Our faculty and students have done us proud: Professor P. Appa Rao was awarded the Rangaswami Prize in Plant Sciences, Dr. Vaitheeswaran the B. M. Birla award in Physics, Dr. S. Venugopala Rao the NASI-SCOPUS award in Physics, Professor S. Kumaresan the Mathematics Teacher of the year award from INSA, Dr. V. Vamsicharan the Amartya Sen Award of the ICSSR in Economics, and the Child and Adolescent Mental Health award for Dr. Thomas Kishore. The University has instituted the Chancellor’s awards to recognize young faculty across the disciplines, and this year we will institute a set of staff awards to recognize exceptional service to the University by our non-teaching employees. There have been a host of other recognitions that our faculty have received in addition to their numerous publications and books.

Several of our students have been recognized for their research and presentations at conferences, both national and international, and P. Shankar, S. Basak and Hanumantha Rao got awards from the K.V. Rao Scientific Society. I would like to commend the Physical Education unit for coaching our students who won the Andhra Pradesh Open Football Tournament, and would also like to congratulate our runners, Mallesam and Vinod for bagging the 1st and 2ndplaces at the Airtel Half-Marathon.

Departments of the University have also been recognized for excellence. The Study in India Programme at the University has been given the distinguished Andrew Heiskell award for innovation in international education. The School of Management Studies has been chosen for the B-School Leadership Award and declared the outstanding B-School in the Southern Region.

In the past year we have translated our commitment to environment into two very useful actions: the first, which many of you would have noticed as you enter the campus at the main gate, is the installation of a small weather station that informs us constantly of the air quality in addition to the temperature, pressure and wind. The station measures the suspended particle matter, gases such Ammonia. Nitrous Oxide, Carbon Monoxide, Ozone. It also measures the rainfall, wind speed, wind direction, solar radiation, and vertical wind speed to assess the mixing height of the pollutants. This will help us to monitor atmospheric pollution on the campus in a quantitative manner. Second, the Library has been made fully dependent on solar energy, a move that has been widely applauded  by universities throughout the country. To a smaller extent, many solar stand-alone streetlights have been installed to improve the security on our campus. In the coming year, we are taking up a range of other activities designed to further preserve our environment, dredging the lakes, digging more rain harvesting pits, planting more trees… And that starts from today, when we are reclaiming the old nursery and start our coconut tree plantation along the lakes of the University.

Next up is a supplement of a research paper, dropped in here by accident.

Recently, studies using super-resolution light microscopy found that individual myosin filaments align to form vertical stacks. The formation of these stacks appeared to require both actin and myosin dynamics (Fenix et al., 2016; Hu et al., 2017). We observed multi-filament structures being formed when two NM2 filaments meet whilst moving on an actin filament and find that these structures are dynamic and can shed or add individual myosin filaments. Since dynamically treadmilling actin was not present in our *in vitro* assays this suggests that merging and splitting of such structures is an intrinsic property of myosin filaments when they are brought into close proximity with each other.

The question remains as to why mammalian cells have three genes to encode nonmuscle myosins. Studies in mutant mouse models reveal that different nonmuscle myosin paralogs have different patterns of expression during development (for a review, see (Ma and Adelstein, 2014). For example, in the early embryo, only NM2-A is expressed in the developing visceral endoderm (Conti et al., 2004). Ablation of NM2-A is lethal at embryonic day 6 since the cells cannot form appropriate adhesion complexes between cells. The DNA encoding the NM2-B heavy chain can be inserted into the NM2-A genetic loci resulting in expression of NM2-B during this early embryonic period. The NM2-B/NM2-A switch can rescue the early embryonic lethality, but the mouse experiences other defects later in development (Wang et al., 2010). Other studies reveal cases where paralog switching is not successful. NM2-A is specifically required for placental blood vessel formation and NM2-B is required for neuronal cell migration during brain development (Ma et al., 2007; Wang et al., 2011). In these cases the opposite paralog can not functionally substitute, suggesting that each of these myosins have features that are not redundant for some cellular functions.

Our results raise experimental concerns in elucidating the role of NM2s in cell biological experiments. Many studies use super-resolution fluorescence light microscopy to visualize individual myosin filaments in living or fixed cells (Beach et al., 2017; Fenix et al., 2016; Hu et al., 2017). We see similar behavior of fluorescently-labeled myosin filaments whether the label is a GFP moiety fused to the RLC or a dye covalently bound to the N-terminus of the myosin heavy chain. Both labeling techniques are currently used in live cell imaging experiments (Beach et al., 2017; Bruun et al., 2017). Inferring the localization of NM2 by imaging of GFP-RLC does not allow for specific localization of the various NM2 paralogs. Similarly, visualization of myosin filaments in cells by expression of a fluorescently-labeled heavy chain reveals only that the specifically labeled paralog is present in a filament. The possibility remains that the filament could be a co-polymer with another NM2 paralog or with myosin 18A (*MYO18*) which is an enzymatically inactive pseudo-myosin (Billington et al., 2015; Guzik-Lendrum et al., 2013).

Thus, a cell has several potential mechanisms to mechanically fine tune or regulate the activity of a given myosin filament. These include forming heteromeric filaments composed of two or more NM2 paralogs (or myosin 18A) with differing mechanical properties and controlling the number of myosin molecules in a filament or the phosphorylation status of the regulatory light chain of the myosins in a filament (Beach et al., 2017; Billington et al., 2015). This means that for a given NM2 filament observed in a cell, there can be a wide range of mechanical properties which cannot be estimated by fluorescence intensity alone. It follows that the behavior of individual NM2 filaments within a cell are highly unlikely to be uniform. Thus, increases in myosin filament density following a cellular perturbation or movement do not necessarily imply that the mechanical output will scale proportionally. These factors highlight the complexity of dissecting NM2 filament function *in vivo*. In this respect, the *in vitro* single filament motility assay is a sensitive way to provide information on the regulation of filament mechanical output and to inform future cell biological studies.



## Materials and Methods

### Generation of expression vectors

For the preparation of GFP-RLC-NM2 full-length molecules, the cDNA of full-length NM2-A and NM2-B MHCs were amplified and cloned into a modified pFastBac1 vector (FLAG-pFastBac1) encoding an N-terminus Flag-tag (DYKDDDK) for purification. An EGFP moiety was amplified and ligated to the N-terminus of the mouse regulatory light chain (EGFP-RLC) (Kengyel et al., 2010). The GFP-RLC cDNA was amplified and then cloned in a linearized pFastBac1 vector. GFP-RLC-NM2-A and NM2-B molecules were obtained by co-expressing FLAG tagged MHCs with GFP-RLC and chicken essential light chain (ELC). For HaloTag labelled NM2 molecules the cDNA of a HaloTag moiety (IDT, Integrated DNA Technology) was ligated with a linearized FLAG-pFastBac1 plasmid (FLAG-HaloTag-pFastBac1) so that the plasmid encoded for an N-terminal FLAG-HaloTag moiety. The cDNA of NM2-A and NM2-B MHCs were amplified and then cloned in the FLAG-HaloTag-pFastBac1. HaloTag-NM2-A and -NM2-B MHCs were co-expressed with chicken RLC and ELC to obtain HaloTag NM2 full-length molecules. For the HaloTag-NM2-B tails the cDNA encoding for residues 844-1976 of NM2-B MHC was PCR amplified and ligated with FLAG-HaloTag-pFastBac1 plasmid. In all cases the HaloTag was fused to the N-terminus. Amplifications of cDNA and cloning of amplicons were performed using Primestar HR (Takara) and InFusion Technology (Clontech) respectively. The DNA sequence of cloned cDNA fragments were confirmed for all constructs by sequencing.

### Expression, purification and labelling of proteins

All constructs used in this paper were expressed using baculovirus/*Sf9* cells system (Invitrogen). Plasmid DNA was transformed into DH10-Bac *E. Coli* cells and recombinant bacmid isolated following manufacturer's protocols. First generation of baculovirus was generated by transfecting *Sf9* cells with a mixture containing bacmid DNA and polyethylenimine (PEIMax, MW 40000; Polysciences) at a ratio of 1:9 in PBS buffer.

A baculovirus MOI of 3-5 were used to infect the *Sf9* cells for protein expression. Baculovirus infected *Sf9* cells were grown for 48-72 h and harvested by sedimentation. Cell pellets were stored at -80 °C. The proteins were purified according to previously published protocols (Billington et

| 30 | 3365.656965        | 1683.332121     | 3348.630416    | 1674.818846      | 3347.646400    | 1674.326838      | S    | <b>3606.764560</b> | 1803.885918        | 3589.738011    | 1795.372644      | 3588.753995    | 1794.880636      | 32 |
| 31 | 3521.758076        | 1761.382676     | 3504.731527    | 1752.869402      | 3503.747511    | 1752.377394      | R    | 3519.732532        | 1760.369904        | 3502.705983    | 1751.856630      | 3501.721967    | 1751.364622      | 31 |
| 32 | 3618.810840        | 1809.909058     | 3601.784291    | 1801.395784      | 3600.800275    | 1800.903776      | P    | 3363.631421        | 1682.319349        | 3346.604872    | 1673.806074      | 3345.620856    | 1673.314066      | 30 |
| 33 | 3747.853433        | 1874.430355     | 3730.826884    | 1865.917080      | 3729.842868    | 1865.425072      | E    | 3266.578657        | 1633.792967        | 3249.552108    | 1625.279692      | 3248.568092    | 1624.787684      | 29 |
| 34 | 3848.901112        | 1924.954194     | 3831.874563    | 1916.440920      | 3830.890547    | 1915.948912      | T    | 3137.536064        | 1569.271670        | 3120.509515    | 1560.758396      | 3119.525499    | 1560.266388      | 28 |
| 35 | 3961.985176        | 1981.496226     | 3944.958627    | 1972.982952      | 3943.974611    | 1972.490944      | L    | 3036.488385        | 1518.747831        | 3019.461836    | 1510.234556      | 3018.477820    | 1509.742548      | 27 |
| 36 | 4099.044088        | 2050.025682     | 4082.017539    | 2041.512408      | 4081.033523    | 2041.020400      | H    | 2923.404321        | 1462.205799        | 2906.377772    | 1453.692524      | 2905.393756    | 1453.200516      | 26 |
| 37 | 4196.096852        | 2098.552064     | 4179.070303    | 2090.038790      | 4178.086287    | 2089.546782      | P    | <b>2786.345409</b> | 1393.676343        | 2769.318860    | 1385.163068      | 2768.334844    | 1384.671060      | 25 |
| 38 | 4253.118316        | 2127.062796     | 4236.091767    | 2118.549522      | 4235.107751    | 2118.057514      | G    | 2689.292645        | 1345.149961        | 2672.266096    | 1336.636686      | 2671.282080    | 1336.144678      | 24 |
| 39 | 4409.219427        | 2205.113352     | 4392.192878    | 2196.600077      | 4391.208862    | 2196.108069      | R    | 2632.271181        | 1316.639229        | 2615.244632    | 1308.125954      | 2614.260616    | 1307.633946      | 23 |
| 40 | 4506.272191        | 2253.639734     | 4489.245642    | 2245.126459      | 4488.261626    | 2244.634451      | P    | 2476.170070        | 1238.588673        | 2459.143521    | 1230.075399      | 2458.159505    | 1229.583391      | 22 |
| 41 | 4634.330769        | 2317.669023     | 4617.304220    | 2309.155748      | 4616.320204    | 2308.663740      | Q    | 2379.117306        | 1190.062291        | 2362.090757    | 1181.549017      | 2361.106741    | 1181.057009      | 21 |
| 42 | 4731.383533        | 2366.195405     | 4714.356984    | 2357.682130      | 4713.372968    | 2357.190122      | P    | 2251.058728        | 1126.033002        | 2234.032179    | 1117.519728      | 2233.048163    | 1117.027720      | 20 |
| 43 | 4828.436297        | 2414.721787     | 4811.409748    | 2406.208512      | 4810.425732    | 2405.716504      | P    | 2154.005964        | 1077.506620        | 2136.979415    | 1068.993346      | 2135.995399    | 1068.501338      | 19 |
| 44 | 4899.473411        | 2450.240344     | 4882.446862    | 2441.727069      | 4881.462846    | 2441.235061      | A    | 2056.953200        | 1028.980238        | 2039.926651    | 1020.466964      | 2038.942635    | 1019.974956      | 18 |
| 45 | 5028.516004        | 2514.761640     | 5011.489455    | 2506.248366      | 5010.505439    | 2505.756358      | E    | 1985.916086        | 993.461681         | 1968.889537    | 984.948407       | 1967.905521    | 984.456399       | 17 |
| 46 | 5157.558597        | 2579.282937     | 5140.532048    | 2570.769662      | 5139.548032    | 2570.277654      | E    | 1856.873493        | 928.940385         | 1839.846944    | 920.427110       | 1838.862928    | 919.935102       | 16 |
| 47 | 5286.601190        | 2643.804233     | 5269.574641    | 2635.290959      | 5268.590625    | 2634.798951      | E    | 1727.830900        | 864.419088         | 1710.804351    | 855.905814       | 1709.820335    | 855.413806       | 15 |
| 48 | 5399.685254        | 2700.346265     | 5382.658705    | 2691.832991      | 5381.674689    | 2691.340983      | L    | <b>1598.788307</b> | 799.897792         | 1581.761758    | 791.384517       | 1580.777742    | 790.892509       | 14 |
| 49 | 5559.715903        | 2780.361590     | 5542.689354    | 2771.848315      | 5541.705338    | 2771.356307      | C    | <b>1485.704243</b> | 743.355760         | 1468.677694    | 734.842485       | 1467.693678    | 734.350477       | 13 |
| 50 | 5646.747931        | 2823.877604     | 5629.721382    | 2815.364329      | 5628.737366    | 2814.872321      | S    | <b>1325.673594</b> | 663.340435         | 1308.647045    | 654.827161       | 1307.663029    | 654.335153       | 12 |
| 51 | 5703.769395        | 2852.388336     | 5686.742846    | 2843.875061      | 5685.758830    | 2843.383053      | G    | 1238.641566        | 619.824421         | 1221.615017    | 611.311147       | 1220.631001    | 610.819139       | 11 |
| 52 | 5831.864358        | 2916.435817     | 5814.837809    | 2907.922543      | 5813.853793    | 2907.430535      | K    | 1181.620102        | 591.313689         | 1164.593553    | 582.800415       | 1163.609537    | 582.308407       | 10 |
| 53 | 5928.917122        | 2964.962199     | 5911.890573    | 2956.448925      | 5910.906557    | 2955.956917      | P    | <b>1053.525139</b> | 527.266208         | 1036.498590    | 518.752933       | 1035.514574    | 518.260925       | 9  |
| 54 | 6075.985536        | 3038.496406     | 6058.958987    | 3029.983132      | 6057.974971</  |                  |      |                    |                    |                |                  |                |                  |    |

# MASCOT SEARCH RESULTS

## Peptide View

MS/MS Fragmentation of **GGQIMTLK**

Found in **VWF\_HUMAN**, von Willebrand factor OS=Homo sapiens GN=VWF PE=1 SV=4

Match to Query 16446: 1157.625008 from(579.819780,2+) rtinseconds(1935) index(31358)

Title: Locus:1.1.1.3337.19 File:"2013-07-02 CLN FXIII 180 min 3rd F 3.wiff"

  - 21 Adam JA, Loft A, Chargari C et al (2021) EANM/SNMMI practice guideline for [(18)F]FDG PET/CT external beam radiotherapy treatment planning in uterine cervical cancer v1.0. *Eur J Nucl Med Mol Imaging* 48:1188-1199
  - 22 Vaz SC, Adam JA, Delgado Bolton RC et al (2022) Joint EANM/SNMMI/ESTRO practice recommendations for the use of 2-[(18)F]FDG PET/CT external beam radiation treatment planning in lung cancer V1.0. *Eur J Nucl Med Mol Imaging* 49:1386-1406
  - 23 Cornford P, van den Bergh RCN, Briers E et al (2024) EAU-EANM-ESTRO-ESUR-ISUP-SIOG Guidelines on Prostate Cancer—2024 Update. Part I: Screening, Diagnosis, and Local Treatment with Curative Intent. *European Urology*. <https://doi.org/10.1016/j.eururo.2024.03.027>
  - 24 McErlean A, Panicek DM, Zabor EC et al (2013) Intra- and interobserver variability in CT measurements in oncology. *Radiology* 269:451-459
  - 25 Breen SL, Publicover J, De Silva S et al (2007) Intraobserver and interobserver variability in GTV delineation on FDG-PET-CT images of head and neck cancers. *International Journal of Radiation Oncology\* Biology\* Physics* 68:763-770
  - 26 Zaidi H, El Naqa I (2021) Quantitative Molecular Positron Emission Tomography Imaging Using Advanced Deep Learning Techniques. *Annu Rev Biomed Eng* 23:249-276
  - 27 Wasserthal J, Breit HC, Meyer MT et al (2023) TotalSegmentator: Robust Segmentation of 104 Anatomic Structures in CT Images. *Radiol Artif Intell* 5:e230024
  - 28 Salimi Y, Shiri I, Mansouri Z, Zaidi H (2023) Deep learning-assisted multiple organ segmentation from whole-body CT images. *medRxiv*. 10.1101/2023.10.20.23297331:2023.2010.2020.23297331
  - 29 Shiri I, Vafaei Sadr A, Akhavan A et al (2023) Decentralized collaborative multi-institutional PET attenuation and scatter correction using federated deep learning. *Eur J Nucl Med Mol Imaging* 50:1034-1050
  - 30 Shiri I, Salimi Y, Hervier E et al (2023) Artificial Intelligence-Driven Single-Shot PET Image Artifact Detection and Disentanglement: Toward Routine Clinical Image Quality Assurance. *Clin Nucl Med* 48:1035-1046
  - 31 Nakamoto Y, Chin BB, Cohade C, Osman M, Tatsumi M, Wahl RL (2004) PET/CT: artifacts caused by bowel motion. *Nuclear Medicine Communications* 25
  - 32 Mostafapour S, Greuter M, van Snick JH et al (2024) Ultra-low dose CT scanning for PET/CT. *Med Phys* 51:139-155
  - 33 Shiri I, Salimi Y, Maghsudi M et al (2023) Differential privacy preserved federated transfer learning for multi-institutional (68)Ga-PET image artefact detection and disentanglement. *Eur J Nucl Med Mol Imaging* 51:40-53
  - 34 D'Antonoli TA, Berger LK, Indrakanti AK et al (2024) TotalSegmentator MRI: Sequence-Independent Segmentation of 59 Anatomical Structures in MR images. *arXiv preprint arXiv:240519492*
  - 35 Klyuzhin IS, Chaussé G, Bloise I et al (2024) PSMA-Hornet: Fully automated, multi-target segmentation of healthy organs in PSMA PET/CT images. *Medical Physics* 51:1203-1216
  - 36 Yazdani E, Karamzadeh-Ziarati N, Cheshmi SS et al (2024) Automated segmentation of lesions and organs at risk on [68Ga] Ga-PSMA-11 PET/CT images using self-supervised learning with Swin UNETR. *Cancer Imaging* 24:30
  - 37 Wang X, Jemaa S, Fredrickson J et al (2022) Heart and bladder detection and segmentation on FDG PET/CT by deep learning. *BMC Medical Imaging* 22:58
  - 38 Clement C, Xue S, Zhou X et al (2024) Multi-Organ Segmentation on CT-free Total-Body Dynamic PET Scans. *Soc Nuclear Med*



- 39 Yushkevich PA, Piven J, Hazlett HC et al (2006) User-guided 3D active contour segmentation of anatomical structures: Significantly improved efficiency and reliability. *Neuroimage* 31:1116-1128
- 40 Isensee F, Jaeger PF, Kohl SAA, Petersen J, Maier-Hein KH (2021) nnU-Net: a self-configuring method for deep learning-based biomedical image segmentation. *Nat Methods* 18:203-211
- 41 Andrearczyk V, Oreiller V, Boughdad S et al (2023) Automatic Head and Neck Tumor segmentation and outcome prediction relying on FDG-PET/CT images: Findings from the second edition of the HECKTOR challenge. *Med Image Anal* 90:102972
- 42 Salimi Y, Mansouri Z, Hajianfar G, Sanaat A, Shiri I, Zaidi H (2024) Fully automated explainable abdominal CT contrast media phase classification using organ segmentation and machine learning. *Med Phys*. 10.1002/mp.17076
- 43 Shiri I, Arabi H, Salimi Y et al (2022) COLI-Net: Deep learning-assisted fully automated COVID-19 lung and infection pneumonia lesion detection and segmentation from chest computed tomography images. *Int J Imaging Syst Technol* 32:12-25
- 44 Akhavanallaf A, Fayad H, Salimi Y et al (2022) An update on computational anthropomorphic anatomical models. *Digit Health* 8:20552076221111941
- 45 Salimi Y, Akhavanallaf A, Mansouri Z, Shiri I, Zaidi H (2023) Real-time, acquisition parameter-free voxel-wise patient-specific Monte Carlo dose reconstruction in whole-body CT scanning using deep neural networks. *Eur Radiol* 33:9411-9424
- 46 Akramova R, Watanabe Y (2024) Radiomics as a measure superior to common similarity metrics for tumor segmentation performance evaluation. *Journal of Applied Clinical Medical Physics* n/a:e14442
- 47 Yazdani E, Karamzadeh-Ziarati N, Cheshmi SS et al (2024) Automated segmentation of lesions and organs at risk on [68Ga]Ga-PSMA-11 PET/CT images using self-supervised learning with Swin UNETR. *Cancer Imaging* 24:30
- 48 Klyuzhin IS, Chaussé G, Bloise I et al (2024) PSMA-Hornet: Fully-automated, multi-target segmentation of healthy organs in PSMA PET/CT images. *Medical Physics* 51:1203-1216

But more, we need to guard against the pollution of corruption in our lives, both inside the University and outside it. Corruption is a cancer that erodes democracy, and weakens the foundations of our state, another observation in yesterday’s speech by the President.

1011205_10151899927621479_1726212457_nThe University of Hyderabad is a University of Excellence in the Central University system and the prestige of the institution is of utmost importance. Our prestige comes from the character of the campus, the research atmosphere, our concerns for the environment and our contribution to the process of nation building. President Pranab Mukherjee put it eloquently:  On this day, sixty four years ago, in a remarkable display of idealism and courage, we the people of India gave to ourselves a sovereign democratic republic to secure all its citizens justice, liberty and equality. In this process, we should recall Ambedkar, the father of the Constitution, who nevertheless remarked that “Indians today are governed by two different ideologies. Their political ideal set in the preamble of the Constitution affirms a life of liberty, equality and fraternity. Their social ideal embodied in their religion denies them.”

Beyond religion, today there are many sources of denial of liberty, equality and fraternity. The Republic belongs to us all, but yet we have many groups who need inclusion. Across the country, people realize that many unheard and sometimes unseen sections of our society have to be included in the constitutional protection of the rights that are guaranteed to every citizen of the country. Thus the most important freedom that we need to remember on this day is the freedom from inequality. We have to guard ourselves against discrimination due to gender, sexual orientation, racial differences, regional and religious identities, physically differential abilities, in addition to class and caste. As people, we need vigilance against the threats of fundamentalism, of censorship, and in this election year, against all divisive politics.

The Constitution is the central instrument that will guarantee us our rights and freedoms. Long live our Republic! Jai Hind!